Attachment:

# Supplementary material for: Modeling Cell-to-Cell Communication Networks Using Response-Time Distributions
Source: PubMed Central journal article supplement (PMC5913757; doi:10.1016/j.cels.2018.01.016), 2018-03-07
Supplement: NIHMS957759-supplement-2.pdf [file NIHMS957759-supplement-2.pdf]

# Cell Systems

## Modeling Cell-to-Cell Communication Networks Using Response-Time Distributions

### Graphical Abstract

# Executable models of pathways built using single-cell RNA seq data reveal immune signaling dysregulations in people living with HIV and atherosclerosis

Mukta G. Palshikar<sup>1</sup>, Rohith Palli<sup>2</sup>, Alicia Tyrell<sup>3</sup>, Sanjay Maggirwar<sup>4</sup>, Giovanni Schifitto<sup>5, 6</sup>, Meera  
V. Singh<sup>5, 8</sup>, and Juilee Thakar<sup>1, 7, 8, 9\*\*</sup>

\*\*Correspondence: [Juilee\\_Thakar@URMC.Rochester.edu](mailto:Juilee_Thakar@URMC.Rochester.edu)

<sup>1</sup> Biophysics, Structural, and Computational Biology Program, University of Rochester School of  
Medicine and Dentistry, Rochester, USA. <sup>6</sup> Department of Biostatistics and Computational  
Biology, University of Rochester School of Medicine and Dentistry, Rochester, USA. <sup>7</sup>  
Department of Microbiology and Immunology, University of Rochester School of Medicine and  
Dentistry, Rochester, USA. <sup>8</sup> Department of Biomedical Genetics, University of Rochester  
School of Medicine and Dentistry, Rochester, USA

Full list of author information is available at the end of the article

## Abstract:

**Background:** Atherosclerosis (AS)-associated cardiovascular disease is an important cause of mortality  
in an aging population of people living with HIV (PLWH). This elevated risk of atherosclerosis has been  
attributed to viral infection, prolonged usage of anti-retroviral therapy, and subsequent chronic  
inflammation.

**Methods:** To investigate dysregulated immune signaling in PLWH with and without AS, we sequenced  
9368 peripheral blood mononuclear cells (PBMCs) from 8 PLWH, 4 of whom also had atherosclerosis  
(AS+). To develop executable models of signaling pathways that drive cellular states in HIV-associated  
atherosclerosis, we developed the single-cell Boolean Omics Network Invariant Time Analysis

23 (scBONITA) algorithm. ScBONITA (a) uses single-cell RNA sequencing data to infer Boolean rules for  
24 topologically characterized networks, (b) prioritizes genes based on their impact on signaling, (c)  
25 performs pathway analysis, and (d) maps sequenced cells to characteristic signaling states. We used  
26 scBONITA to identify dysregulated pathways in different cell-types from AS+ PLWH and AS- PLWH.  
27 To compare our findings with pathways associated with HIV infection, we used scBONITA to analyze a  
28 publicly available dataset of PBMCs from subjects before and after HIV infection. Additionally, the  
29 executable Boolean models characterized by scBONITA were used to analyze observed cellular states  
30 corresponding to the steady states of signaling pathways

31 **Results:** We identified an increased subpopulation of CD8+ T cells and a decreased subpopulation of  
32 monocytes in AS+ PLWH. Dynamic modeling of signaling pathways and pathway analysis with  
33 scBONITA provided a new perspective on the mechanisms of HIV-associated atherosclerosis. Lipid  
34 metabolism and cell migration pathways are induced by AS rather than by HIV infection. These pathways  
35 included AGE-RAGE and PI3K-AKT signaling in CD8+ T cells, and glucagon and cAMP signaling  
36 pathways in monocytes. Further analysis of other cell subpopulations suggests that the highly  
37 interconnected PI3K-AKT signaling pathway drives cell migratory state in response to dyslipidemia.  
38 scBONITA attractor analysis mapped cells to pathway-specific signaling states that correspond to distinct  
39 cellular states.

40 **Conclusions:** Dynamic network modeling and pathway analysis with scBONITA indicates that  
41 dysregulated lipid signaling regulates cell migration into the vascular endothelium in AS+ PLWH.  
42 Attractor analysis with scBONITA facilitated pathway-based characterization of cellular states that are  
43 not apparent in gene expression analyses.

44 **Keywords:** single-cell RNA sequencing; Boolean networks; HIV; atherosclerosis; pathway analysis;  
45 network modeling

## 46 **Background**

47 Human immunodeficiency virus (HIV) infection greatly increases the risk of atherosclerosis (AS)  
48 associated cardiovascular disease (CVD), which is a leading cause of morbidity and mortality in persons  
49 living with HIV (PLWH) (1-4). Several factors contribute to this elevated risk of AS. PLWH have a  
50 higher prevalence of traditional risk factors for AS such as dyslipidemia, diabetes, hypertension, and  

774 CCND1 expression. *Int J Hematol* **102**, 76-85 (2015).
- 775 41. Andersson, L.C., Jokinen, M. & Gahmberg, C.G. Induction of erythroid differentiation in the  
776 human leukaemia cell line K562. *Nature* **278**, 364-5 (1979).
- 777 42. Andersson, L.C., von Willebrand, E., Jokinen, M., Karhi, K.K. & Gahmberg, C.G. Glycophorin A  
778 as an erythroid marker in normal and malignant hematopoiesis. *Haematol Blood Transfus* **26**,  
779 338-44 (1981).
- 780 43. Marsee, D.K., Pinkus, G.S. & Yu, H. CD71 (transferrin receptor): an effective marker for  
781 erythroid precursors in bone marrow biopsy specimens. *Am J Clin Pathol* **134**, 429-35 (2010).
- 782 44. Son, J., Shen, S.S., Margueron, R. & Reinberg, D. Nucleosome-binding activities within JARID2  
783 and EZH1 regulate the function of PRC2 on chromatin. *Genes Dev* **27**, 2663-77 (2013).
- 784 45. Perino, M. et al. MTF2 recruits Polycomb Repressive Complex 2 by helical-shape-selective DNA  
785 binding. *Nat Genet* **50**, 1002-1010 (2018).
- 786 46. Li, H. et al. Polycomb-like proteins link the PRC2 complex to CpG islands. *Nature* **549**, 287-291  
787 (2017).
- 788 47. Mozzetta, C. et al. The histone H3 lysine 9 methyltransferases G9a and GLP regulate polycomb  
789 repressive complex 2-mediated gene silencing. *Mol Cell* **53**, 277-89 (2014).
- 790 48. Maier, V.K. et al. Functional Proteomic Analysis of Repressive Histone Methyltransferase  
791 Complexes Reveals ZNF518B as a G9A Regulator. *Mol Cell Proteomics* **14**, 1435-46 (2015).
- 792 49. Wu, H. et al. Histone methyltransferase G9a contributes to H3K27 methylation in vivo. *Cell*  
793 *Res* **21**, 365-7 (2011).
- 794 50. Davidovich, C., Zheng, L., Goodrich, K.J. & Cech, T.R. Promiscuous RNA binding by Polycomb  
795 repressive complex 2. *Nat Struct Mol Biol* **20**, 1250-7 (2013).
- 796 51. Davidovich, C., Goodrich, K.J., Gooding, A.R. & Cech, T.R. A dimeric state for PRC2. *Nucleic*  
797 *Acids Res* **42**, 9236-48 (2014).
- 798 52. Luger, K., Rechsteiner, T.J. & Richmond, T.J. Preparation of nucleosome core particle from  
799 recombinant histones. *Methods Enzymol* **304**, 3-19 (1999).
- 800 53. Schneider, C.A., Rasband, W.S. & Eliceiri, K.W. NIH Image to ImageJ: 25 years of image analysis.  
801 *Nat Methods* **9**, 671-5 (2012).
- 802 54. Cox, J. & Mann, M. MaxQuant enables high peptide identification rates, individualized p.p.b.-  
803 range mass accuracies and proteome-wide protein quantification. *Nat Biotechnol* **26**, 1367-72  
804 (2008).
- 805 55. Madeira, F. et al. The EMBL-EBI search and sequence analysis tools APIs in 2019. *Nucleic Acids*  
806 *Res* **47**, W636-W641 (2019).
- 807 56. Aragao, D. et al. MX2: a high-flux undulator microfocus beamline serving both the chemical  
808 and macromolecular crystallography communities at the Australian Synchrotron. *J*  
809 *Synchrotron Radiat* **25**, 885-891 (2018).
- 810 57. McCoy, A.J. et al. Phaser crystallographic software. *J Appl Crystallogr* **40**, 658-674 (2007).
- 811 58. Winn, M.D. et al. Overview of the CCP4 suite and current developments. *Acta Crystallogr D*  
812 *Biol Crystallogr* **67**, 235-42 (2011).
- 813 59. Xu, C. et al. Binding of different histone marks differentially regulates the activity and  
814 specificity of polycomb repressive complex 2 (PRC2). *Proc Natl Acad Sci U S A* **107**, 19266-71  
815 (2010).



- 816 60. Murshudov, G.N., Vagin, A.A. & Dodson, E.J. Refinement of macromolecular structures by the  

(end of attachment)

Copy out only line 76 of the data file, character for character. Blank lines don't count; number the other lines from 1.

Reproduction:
795 repressive complex 2. *Nat Struct Mol Biol* **20**, 1250-7 (2013).